Furthermore, appetite for competition is increasingly palpable across the financial sector. Rwanda’s financial domain is steadily generating regional interest. In November 2011, Equity Bank, Kenya’s second-largest retail bank, which already has operations in South Sudan and Uganda, commenced operations in Rwanda, opening four branches in Kigali, Muhanga, Musanze and Rubavu. The bank aims to increase this figure to nine by the end of the year. They are the third Kenyan bank to commence business in the Rwandan market, following the earlier entries of KCB and FINA Bank.
Equity Bank evidently has its sights on the country’s burgeoning SME sector and has committed $6.5m of investment aimed specifically at boosting lending to this group. Industry experts are confident that the company’s entry will add value to the market by driving competition. Claver Gatete, governor of the Central Bank, said: “The coming of Equity Bank adds competition. When there is competition there is always improvement in terms of how [banks] perform.” Analysts also believe that Equity Bank’s entry will increase the banking sector’s overall reach into Rwanda’s rural areas, large swathes of which are still largely unbanked.
There are already strong indications that other banks operating in the country are responding to new competition from Equity Bank by expanding their operations and diversifying their product portfolio. BCR is a case in point. The company is making a big push to expand its national reach in coming months, by setting up more Automated Teller Machines (ATMs) and opening several new branches. BCR also unveiled its new e-banking platform in November, which will enable customers to make banking transactions online or on their mobile phones. “The market is still there and competition makes you more innovative,” said Isaiah Chindumba, Chief Operating Officer of BCR. “Now a client can pay for their bills, buy electricity, purchase airtime and also transfer funds to other bank accounts through the platform.” BCR also hopes that its new internet banking services will generate investment by facilitating the inward flow of migrant remittances.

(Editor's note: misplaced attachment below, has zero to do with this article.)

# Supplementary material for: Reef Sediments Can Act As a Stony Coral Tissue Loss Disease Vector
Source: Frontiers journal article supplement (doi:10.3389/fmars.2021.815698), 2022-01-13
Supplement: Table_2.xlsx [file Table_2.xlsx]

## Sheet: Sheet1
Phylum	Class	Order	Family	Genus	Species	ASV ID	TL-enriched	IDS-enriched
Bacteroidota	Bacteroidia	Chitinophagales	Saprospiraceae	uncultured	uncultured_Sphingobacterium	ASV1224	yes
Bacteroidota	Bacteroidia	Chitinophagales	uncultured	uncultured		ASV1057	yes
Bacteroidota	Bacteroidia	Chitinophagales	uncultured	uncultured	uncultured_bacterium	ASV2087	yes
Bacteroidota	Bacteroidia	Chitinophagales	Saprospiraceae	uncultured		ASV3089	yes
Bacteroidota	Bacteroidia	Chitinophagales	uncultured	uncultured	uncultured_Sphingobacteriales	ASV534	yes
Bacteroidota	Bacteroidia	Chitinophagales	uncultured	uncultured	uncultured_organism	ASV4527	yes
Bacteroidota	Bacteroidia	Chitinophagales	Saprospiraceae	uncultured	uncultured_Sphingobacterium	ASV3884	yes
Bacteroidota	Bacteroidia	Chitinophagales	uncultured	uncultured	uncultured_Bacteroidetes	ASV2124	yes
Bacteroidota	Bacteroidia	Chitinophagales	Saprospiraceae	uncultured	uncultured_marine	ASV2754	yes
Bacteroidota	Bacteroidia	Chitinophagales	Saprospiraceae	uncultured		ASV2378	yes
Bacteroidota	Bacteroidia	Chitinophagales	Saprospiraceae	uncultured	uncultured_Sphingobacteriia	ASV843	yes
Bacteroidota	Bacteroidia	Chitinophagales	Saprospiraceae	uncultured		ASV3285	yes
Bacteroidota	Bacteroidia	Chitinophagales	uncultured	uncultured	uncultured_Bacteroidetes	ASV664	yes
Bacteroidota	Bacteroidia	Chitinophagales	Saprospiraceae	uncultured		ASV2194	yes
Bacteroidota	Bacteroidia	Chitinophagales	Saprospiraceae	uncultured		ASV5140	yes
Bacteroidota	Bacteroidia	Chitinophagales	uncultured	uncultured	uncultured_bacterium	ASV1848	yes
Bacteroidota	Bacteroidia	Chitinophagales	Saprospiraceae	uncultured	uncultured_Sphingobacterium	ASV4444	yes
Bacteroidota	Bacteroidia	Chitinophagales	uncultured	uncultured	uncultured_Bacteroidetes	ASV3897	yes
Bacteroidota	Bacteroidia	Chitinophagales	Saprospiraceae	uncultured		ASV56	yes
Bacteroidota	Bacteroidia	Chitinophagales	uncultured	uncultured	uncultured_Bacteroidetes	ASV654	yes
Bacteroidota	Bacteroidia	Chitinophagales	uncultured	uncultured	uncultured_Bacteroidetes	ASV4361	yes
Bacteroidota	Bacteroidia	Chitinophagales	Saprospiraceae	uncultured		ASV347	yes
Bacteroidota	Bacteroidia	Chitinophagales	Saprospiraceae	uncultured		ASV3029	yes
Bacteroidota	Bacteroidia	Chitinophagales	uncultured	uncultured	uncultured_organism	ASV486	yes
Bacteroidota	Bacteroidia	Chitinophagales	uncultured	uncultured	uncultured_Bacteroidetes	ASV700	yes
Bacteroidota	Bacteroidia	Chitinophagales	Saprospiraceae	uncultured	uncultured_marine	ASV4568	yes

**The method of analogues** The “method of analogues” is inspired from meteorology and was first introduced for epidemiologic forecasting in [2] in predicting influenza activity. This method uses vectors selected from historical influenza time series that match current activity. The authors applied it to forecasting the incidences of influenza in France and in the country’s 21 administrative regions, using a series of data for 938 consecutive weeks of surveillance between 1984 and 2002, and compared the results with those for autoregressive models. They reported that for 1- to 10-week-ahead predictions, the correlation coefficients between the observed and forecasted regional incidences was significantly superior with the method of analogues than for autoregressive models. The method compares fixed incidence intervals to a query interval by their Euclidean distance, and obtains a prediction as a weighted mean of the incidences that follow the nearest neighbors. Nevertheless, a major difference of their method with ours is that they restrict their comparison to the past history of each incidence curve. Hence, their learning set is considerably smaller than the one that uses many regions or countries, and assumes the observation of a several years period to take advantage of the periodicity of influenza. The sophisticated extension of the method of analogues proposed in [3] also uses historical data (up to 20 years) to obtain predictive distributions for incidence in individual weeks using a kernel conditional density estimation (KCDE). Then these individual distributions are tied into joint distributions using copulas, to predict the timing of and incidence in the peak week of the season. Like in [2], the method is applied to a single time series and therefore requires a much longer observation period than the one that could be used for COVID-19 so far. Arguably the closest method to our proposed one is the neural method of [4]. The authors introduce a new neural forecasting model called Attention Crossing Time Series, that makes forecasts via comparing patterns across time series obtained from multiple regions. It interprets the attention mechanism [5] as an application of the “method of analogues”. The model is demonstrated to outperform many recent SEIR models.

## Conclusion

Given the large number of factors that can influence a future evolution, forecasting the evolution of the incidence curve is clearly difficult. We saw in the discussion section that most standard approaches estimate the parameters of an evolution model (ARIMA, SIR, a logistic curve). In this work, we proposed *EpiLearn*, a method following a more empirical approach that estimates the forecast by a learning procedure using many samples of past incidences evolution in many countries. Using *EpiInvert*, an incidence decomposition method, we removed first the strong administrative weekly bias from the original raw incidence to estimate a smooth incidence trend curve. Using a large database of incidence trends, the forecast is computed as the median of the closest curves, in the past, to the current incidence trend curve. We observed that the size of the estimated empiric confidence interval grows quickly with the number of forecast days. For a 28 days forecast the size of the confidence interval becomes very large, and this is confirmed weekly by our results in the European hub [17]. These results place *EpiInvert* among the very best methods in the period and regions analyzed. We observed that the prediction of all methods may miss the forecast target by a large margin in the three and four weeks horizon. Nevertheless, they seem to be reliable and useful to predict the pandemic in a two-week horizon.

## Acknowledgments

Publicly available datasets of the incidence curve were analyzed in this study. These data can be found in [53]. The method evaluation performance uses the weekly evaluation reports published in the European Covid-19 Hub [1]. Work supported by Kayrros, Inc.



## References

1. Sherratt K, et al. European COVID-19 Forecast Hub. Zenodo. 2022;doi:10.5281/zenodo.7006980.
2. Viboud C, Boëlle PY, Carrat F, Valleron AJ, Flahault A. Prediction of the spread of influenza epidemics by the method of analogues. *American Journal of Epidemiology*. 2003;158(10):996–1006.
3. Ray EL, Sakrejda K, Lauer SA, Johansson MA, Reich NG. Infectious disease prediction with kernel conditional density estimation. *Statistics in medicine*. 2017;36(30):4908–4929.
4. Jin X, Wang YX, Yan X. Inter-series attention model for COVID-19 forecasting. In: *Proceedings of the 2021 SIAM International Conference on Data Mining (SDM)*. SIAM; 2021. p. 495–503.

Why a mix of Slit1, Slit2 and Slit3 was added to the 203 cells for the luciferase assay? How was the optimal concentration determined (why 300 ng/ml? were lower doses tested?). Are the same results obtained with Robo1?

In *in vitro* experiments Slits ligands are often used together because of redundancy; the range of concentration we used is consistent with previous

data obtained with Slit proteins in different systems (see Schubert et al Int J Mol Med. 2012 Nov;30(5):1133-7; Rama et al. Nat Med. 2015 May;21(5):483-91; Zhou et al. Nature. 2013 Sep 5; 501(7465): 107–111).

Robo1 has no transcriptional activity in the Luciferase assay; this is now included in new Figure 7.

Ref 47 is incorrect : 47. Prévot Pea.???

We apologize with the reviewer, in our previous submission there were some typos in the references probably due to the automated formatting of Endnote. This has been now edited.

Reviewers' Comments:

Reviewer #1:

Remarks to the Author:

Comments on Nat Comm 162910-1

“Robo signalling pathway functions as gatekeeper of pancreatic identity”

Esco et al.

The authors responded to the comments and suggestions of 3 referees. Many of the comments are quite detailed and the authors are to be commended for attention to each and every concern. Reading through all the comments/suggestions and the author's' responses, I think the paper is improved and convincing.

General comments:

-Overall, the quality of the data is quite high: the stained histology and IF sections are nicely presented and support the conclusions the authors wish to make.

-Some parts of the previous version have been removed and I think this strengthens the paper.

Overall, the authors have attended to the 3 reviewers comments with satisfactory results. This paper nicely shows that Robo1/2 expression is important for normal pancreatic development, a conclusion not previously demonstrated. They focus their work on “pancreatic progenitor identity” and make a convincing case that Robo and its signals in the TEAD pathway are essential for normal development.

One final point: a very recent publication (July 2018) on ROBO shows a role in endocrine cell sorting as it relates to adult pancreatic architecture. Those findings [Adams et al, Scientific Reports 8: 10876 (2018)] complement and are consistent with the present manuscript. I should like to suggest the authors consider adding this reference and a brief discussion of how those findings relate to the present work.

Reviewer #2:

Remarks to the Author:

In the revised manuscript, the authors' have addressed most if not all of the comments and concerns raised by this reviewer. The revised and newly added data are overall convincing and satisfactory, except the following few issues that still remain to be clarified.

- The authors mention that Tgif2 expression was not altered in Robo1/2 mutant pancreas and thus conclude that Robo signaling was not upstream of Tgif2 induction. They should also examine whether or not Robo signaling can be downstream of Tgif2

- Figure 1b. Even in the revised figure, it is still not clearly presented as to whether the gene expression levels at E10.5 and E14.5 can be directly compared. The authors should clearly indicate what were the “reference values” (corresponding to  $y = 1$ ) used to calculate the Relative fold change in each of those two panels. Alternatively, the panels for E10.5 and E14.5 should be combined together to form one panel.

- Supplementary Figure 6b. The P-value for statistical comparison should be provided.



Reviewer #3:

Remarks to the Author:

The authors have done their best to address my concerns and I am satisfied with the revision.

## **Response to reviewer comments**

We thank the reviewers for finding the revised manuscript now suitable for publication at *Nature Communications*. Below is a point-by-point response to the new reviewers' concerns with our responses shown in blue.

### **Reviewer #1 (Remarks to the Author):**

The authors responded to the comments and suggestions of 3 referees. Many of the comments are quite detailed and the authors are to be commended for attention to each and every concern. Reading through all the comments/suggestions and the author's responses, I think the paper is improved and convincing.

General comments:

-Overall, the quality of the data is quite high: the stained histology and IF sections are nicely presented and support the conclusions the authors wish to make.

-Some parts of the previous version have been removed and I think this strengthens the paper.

Other competitors are taking similar steps. In the autumn, KCB Rwanda announced that it will shortly launch a new portfolio of mobile and internet banking products. Banque Populaire du Rwanda (BPR) will also increase its ATMs to 100 by the end of the year and is continuing to develop its mobile and internet banking services, which it initiated in July.
However, experts attest that Rwanda’s financial sector still has to overcome formidable obstacles before it can reach its full potential. For example, uptake of electronic banking will depend to a large extent on the ability of banks to resolve problems with the low efficiency of the national switch operator, which has a direct impact on the functionality and availability of ATMs – frustrated customers finding that ATMs they approach on the street are out of order is still a too common occurrence in Rwanda. Nonetheless, some banks such as BPR and BK have sought to obviate this problem by buying their own switches.